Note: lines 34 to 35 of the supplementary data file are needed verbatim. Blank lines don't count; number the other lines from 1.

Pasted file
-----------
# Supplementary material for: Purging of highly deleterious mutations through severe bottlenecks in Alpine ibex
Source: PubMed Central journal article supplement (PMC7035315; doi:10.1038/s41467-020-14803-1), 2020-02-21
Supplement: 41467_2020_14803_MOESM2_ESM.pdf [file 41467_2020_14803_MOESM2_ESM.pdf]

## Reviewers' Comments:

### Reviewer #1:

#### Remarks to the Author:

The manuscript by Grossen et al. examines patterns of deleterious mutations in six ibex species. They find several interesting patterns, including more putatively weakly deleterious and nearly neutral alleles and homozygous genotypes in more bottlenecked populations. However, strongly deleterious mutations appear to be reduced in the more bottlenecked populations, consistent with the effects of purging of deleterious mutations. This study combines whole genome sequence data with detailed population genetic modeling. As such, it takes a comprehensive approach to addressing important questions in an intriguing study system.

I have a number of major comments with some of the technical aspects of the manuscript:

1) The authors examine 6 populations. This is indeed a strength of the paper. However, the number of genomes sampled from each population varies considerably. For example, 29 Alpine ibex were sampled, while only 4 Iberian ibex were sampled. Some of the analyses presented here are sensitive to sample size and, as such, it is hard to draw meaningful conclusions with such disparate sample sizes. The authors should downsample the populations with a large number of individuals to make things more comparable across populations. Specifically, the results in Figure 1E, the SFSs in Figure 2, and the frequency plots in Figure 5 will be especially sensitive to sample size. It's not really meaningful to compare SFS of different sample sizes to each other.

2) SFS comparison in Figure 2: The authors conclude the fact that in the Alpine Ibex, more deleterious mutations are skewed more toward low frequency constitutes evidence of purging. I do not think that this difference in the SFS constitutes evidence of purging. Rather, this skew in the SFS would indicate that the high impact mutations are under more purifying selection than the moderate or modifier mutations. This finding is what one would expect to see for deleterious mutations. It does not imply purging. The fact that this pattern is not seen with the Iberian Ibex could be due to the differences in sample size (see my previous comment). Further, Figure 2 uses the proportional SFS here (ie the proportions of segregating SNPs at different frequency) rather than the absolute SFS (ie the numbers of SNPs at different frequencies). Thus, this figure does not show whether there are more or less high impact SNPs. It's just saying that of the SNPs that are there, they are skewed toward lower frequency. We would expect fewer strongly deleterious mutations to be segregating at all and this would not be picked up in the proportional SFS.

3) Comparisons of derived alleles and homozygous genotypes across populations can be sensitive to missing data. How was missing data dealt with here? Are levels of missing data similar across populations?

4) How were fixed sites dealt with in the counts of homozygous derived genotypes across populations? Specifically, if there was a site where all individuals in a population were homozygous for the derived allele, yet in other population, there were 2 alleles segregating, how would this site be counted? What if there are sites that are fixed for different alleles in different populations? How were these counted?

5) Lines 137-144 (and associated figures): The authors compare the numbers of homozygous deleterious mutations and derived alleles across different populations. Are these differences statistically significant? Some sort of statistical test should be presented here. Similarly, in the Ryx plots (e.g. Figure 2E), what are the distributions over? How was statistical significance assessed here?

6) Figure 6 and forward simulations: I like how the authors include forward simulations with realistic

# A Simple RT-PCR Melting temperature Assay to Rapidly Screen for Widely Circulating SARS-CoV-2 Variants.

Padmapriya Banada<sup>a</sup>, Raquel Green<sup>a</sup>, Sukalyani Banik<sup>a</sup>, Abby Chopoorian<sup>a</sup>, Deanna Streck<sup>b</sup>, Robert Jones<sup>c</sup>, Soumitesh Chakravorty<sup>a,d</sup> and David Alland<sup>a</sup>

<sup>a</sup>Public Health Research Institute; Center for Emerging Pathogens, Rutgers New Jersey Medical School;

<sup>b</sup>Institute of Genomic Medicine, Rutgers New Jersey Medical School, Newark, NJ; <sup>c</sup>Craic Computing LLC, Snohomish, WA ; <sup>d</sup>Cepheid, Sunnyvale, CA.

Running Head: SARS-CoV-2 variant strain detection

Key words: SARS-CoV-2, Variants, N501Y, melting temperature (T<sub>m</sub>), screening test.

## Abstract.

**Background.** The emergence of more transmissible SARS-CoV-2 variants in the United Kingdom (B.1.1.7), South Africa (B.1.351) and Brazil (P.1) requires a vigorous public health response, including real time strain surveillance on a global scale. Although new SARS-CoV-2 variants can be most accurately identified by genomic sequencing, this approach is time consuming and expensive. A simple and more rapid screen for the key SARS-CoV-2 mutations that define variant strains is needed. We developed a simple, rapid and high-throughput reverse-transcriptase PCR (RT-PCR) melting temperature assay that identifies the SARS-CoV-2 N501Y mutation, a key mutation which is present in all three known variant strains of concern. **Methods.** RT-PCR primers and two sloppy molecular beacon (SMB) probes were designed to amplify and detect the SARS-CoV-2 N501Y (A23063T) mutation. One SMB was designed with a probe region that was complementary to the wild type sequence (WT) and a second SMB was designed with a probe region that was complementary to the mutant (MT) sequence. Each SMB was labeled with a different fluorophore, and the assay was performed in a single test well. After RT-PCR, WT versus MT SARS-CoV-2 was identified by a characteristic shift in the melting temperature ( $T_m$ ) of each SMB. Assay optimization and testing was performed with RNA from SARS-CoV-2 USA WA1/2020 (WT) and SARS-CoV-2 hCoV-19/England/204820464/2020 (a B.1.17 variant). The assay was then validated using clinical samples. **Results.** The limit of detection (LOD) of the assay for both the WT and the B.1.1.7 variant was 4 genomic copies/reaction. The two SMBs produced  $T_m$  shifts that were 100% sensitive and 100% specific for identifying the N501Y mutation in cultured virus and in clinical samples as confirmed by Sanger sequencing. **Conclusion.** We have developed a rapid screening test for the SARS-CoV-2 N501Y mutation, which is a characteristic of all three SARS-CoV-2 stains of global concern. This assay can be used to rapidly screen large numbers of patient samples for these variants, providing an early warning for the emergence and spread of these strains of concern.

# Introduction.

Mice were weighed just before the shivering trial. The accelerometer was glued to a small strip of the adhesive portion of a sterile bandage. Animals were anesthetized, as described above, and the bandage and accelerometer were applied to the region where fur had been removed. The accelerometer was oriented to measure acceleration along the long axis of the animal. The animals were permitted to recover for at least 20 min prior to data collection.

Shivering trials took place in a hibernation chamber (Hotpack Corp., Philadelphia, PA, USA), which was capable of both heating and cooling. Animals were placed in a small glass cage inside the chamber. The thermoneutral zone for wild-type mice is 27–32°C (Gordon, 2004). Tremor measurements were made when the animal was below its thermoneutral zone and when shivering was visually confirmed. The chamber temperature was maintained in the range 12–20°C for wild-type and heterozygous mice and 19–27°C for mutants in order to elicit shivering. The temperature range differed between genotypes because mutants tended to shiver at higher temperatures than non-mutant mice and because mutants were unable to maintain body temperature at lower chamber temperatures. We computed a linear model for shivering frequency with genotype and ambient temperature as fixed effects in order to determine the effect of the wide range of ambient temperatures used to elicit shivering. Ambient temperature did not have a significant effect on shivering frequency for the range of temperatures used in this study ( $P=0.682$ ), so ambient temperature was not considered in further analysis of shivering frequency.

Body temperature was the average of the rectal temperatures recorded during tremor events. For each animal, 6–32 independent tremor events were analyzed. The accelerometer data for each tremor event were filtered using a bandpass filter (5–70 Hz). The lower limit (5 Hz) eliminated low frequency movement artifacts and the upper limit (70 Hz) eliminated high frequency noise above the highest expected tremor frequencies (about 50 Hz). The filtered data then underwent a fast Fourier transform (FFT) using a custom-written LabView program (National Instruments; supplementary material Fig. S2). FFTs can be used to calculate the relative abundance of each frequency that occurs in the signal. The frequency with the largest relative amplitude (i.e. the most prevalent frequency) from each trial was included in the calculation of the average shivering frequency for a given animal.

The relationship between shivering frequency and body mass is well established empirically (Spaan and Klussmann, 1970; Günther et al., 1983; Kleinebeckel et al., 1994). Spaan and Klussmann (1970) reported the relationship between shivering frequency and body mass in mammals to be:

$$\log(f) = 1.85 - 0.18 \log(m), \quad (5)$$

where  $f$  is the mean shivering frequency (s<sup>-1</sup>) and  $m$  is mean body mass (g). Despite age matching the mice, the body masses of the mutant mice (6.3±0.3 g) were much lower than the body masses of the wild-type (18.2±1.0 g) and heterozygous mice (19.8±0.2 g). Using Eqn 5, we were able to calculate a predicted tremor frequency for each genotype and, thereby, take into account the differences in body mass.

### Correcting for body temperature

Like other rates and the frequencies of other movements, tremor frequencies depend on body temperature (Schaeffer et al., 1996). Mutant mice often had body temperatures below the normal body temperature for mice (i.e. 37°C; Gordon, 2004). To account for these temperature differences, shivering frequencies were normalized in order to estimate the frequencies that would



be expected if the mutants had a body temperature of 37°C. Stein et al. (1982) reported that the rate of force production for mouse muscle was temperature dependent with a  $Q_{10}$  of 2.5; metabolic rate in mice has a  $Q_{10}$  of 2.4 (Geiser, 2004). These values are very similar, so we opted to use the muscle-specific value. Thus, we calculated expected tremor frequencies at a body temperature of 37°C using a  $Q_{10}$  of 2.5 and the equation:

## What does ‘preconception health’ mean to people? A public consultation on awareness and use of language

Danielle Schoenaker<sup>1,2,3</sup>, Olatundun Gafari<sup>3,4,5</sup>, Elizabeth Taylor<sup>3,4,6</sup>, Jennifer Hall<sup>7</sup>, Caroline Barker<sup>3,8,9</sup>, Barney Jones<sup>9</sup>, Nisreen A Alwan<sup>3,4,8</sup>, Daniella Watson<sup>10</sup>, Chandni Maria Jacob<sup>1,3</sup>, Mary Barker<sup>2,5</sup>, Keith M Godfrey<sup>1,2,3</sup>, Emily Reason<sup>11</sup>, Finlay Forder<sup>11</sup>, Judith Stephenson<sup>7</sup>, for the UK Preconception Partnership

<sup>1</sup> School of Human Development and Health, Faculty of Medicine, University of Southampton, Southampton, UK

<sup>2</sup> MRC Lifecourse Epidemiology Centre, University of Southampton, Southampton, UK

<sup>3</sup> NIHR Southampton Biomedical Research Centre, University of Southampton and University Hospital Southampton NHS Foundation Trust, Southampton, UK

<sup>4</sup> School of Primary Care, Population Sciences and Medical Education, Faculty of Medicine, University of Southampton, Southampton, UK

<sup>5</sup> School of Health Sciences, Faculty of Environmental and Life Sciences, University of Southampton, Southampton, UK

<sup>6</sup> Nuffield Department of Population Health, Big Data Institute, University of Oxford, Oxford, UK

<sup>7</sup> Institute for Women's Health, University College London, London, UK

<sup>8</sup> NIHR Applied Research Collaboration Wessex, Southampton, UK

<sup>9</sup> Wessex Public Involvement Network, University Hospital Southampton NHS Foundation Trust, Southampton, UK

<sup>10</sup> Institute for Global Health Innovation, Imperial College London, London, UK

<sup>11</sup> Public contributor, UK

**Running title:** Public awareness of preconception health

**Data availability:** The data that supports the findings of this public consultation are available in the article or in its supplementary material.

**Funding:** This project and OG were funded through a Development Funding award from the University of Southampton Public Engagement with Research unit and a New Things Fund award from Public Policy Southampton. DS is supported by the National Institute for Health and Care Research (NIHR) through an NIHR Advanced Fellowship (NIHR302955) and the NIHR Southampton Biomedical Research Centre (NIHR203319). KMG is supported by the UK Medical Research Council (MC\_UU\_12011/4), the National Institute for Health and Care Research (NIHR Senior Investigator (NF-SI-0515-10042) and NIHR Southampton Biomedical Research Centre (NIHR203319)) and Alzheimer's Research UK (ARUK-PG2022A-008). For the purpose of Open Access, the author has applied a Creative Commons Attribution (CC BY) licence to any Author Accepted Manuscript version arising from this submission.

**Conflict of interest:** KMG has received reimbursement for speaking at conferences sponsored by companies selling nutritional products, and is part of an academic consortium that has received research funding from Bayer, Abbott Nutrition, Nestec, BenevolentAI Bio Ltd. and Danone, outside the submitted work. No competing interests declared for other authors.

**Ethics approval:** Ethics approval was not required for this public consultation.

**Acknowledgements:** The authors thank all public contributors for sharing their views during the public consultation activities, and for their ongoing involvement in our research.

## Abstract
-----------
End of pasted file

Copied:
Danielle Schoenaker<sup>1,2,3</sup>, Olatundun Gafari<sup>3,4,5</sup>, Elizabeth Taylor<sup>3,4,6</sup>, Jennifer Hall<sup>7</sup>, Caroline Barker<sup>3,8,9</sup>, Barney Jones<sup>9</sup>, Nisreen A Alwan<sup>3,4,8</sup>, Daniella Watson<sup>10</sup>, Chandni Maria Jacob<sup>1,3</sup>, Mary Barker<sup>2,5</sup>, Keith M Godfrey<sup>1,2,3</sup>, Emily Reason<sup>11</sup>, Finlay Forder<sup>11</sup>, Judith Stephenson<sup>7</sup>, for the UK Preconception Partnership

<sup>1</sup> School of Human Development and Health, Faculty of Medicine, University of Southampton, Southampton, UK